BOB GARFIELD: As any regular OTM listener knows, we often discuss “present and future business models for monetizing the newspaper industry.”
But rarely do we visit the past to see what folks thought future business models might be. For instance, in a late 1960s TV special about the 21st century home, Walter Cronkite tackled the future of newspaper delivery. He got it - half right I guess.
WALTER CRONKITE: This console provides a summary of news relayed by satellite from all over the world. Now, to get a newspaper copy for permanent reference I just turn this button, and out it comes.
BOB GARFIELD: Matt Novak writes a blog for the Smithsonian called Paleofuture, about futuristic forecasts from the past. He recently wrote about old predictions for the newspaper.
MATT NOVAK: Some of the pictures that we get from past visions of the future have to do with the newspaper that will be delivered by radio. Fax papers, as they were called, were actually trialed in the 1930s and 40s, where you would have this machine that you’d set up in your house but, given the spectrum it was using, it could only [LAUGHS] be used from midnight to 6 a.m. So you had this loud clattering machine that would print out a newspaper while you were sleeping. A lot of the other predictions had to do with pneumatic tube delivery, that pneumatic tubes were a very popular vision of the future.
Actually, the Boston Globe predicted in 1900 that not only would laundry or your ready-made lunches get delivered via pneumatic tube, but also your evening newspaper.
BOB GARFIELD: The bad guesses are entertaining. The prescient looks at the future are kind of jaw-dropping. You have written about a December 1900 issue of the New York World daily newspaper. It quoted the editor of another newspaper, the London Daily Mail predicting the centralized national newspaper.
MATT NOVAK: Yeah, exactly. Alfred Harmsworth, the editor of the London Daily Mail, was saying in 1900, I feel certain that the newspaper of the 20th century will be drawn into the vortex of combination and centralization. He goes on to say, in other words, where there are now a multitude of papers, good, bad and indifferent, there will be then one or two great journals.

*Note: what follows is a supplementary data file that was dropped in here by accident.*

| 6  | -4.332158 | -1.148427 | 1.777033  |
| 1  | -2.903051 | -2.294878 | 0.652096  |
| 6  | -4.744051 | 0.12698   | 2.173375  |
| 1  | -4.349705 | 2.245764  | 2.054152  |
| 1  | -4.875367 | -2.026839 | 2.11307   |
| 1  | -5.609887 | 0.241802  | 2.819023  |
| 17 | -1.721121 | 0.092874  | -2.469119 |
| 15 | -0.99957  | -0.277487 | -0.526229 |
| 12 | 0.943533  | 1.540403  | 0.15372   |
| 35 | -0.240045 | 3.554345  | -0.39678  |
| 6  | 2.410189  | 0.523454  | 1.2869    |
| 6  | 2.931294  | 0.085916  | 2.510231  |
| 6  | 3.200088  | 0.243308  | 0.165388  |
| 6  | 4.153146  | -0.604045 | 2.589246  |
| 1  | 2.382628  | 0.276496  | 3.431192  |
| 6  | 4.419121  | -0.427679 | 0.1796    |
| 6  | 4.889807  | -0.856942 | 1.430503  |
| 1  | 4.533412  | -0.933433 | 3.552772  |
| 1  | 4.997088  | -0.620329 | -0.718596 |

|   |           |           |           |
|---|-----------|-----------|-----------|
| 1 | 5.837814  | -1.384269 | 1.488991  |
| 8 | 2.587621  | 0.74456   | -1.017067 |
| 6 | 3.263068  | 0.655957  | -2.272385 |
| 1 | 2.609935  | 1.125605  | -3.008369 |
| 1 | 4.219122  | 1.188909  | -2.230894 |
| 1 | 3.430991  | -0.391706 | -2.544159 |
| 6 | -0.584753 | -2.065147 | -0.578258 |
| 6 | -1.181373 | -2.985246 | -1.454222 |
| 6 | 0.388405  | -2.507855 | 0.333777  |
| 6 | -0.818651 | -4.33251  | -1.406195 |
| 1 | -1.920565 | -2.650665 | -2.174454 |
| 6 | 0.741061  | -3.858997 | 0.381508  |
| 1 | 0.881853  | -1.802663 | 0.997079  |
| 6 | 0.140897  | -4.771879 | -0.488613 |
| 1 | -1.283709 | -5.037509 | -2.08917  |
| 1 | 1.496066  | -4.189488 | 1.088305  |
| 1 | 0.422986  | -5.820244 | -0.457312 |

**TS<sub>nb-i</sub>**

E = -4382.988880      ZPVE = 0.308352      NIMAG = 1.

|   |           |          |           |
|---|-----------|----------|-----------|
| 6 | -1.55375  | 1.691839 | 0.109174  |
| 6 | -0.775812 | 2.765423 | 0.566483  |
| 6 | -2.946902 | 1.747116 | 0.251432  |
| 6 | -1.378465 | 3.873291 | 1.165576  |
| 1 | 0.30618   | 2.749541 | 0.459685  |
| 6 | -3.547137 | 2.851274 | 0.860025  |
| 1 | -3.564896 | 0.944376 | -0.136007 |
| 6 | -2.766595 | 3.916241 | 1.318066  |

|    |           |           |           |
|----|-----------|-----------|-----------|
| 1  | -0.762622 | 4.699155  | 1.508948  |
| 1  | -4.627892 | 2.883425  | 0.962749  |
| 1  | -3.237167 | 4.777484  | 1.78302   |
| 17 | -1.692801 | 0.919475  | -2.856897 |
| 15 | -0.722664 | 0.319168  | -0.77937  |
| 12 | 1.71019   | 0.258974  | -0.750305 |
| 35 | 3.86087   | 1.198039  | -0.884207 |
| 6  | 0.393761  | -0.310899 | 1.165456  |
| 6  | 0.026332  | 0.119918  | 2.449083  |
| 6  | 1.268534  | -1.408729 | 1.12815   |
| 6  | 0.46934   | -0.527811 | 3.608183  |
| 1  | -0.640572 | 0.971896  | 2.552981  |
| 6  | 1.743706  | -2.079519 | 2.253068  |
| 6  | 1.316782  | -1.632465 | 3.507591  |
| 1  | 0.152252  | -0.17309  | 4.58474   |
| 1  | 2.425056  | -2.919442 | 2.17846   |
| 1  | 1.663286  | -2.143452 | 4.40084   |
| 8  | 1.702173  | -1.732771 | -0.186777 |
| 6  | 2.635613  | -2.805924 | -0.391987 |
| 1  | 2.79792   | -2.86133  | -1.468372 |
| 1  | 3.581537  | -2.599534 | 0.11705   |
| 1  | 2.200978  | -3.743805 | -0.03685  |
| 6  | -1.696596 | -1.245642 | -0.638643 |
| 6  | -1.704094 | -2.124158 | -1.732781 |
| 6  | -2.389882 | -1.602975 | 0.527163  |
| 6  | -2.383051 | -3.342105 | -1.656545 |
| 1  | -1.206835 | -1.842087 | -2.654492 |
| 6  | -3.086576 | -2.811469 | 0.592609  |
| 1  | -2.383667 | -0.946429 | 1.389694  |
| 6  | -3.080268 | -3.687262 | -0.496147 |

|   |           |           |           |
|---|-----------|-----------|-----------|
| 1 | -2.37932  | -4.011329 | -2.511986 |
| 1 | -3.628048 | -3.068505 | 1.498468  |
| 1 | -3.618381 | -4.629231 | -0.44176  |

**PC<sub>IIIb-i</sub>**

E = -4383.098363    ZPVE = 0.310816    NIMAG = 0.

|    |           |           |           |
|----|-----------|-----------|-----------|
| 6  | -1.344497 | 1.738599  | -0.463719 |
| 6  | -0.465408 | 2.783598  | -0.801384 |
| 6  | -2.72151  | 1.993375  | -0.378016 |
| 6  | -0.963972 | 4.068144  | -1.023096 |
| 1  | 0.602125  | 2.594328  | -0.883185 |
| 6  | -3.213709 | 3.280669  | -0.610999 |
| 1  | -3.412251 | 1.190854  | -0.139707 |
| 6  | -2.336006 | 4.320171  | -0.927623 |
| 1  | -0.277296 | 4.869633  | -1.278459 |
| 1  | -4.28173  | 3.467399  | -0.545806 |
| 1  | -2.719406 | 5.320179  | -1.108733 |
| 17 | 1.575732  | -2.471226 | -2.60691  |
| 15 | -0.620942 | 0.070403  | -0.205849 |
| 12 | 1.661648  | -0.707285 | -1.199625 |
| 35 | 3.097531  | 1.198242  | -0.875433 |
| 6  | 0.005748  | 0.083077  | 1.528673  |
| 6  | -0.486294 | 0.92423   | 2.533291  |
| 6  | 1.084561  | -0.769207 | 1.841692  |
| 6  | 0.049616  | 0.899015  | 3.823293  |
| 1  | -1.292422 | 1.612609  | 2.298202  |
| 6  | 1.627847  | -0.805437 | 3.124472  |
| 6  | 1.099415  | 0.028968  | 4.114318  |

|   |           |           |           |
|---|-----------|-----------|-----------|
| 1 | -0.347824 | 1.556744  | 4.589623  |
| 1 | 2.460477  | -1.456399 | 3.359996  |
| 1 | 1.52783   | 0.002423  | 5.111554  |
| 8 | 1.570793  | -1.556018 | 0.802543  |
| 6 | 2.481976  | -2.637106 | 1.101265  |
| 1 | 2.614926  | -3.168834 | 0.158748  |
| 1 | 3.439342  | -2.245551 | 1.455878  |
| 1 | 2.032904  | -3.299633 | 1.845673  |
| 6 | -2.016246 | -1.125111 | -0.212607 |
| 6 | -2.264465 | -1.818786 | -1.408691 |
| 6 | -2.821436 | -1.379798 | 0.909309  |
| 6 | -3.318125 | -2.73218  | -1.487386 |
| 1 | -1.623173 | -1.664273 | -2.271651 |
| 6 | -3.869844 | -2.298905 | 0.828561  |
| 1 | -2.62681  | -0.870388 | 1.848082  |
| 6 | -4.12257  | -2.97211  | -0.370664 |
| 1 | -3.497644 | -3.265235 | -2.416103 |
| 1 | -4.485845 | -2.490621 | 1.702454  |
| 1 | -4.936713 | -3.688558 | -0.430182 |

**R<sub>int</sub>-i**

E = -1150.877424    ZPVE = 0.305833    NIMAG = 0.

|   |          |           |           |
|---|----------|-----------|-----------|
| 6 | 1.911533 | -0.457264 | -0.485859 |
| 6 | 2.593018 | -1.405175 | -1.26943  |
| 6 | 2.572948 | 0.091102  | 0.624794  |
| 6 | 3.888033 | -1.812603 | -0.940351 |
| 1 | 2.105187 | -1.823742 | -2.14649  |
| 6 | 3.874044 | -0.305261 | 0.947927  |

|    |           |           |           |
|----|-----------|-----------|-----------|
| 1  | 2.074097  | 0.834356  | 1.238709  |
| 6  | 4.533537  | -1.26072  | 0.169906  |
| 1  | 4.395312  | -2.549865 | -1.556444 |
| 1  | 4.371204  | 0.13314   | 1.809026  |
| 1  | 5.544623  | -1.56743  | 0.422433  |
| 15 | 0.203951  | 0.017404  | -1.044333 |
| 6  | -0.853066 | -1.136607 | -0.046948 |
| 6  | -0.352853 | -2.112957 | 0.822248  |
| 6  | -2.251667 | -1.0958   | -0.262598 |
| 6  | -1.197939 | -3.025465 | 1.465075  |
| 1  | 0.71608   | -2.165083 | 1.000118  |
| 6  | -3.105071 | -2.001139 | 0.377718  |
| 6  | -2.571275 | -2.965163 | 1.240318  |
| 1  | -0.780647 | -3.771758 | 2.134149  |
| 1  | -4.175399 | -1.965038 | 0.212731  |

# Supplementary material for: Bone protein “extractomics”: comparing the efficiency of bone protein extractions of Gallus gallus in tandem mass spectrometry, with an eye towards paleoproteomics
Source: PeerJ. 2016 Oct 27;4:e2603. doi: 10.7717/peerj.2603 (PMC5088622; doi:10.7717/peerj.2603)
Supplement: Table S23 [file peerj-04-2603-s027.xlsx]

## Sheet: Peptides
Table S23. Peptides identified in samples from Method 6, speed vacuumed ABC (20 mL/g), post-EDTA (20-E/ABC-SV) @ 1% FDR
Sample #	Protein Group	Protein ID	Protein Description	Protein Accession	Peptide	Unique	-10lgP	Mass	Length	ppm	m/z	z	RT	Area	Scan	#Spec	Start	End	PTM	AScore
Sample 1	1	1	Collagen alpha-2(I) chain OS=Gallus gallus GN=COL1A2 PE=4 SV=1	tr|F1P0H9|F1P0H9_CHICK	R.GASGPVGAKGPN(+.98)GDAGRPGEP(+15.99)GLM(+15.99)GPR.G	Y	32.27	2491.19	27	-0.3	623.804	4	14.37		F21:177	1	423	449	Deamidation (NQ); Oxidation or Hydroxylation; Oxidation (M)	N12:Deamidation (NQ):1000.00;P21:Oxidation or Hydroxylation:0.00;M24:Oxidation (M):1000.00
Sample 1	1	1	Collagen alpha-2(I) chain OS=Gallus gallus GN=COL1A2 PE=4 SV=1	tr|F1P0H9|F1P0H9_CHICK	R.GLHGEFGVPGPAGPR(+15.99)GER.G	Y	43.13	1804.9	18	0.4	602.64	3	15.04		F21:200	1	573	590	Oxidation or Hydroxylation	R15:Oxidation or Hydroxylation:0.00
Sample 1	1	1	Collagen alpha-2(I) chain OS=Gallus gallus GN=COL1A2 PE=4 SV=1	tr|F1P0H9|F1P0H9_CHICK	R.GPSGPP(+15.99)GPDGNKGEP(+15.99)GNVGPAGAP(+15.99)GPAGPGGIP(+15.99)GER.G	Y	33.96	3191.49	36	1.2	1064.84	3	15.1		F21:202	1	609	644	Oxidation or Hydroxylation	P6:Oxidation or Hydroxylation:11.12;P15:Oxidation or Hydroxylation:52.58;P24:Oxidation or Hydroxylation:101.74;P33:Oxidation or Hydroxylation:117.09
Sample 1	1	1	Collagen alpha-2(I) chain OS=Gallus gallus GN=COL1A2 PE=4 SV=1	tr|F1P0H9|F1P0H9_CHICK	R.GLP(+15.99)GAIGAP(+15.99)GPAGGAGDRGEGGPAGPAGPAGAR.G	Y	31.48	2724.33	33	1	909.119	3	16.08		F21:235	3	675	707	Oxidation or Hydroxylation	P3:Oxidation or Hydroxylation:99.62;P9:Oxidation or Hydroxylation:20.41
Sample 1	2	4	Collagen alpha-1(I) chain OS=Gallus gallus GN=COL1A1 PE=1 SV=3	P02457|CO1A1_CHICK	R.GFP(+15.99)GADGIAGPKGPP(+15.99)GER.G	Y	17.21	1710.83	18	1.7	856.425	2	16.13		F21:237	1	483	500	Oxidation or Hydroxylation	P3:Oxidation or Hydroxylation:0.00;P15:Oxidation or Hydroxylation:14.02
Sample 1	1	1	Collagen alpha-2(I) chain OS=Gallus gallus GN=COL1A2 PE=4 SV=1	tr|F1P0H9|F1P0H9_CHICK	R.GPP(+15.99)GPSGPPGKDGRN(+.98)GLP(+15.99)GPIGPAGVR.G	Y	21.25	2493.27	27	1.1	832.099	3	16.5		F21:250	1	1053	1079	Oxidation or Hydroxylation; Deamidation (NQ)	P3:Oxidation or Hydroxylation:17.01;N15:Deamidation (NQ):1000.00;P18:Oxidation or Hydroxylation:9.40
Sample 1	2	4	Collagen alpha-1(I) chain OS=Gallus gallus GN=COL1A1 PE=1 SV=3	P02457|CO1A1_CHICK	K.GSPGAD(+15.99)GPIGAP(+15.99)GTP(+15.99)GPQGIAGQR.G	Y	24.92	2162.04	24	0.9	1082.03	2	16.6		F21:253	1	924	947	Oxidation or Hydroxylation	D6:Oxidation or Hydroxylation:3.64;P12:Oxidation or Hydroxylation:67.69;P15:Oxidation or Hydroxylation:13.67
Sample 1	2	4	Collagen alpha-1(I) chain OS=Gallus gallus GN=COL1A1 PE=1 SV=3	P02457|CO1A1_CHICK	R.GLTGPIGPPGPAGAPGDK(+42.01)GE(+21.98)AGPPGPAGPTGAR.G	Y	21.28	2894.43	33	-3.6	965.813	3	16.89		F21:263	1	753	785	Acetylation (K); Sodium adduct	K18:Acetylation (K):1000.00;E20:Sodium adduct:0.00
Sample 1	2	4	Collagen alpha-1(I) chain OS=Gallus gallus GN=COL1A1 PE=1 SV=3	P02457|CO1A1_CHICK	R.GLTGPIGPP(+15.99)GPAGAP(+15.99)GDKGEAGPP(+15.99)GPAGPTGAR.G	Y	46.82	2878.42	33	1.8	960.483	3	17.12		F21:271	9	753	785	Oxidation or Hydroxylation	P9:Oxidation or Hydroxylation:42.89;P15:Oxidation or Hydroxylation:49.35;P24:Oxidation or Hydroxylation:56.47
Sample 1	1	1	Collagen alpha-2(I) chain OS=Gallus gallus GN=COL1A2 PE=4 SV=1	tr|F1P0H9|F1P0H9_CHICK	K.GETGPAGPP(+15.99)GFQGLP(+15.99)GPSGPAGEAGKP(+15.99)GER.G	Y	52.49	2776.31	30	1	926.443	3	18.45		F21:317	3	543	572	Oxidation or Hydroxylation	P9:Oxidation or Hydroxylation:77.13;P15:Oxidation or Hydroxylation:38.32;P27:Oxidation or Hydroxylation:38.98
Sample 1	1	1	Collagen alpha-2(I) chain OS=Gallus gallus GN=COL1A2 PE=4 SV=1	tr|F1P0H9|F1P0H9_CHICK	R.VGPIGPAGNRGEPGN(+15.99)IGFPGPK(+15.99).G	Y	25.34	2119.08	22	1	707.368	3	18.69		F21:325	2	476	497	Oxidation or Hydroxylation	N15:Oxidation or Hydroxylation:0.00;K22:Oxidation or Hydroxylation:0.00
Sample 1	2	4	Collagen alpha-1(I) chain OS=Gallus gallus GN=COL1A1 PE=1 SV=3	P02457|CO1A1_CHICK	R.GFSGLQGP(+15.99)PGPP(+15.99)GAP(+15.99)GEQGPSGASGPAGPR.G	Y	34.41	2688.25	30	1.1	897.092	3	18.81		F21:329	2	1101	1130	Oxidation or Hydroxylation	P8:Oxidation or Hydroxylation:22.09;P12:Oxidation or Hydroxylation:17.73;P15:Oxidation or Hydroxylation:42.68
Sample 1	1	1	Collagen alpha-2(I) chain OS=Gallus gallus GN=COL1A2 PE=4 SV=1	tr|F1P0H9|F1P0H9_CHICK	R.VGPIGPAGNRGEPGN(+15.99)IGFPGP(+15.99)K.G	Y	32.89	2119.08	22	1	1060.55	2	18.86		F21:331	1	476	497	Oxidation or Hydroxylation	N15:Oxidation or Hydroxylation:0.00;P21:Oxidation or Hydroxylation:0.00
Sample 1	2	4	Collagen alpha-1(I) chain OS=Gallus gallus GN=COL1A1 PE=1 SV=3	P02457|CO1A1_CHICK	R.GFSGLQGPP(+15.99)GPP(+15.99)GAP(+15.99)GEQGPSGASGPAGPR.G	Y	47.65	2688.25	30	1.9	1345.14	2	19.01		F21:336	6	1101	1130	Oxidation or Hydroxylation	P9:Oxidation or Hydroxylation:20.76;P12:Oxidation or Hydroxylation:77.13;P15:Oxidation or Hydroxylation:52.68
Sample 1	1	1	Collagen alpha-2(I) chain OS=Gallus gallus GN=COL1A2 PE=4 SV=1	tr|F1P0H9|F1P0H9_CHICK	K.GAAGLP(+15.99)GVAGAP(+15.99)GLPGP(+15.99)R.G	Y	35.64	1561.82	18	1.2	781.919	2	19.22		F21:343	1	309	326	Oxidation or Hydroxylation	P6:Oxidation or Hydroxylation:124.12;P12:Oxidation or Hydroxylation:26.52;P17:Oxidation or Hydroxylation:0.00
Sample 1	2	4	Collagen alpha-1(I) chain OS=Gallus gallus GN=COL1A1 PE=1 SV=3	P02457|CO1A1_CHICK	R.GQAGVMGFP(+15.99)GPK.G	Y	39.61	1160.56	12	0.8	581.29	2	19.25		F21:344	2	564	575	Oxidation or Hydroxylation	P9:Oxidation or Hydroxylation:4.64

BOB GARFIELD: You’ve written about a 1994 video from Knight Ridder which had a laboratory dedicated to developing the future. We're, we’re talking about 19 years ago, still pretty much the infancy of the Internet. But they describe the iPad.
[KNIGHT RIDDER CLIP]:
SPOKESWOMAN: Tablets will be a whole new class of computer. They’ll weigh under two pounds. They’ll be totally portable. They'll have a clarity of screen display comparable to ink on paper. We may still use computers to create information, but we’ll use the tablet to interact with information - reading, watching, listening.
MATT NOVAK: What’s interesting about that Knight Ridder video is that it was actually used in the Apple versus Samsung patent [LAUGHS] war of the century here. You know, Apple sued Samsung, saying that they were copying their designs for their phones and their tablets. And Samsung countered with, well, here's prior art. You know, this is your iPad. So it's interesting to see these sorts of futuristic concepts pop up in real world disputes over [LAUGHS] intellectual property.
BOB GARFIELD: The tablet in the Knight Ridder video showed a newspaper on the page, it shows being able to click through to more details in the story. It showed being able to click through to video. It showed related stories that were immediately loaded onto the page – just kinda nailed it. But [LAUGHING] it got one thing hilariously wrong.
SPOKESWOMAN: We envision kiosks that will download your publications onto electronic cards that go inside the tablet. So if you are doing business in Miami but your hometown is Denver, you can still get your local paper delivered every morning.
BOB GARFIELD: Completely missed! [LAUGHS]
Completely missed, in the Internet age the notion of Internet distribution of every paper.
MATT NOVAK: Well, things like wireless delivery of newspapers were still the realm of sci-fi. There’s a lot of accounts from the early 90s where people just didn't believe that broadband Wi-Fi would be a reality, even within, you know, 20 years.
BOB GARFIELD: So you have made a study of these artifacts. I'm curious to know what your favorite prediction is, accurate or off target.
[JETSONS THEME MUSIC UP AND UNDER]
MATT NOVAK: I often go back to The Jetsons. You know, they obviously have the jet packs, the meal pills. They also had dedicated machines for every different technology that today we have sitting in our pockets, whether that was the videophone or whether that was the newspaper machine. You know, it descended from the ceiling and George sits down in his comfortable chair and reads the newspaper.
BOB GARFIELD: I guess the only thing the smartphone does not do is give you a dog treadmill –
- outside the apartment. Matt, thank you very much.
MATT NOVAK: Thanks, Bob. I appreciate it.
BOB GARFIELD: Matt Novak writes the Paleofuture blog for Smithsonian.com.
[THE JETSONS CREDITS CLIP]:
GEORGE JETSON/ON DOG TREADMILL: Help! Help! Jane, stop this crazy thing! Hey, help me!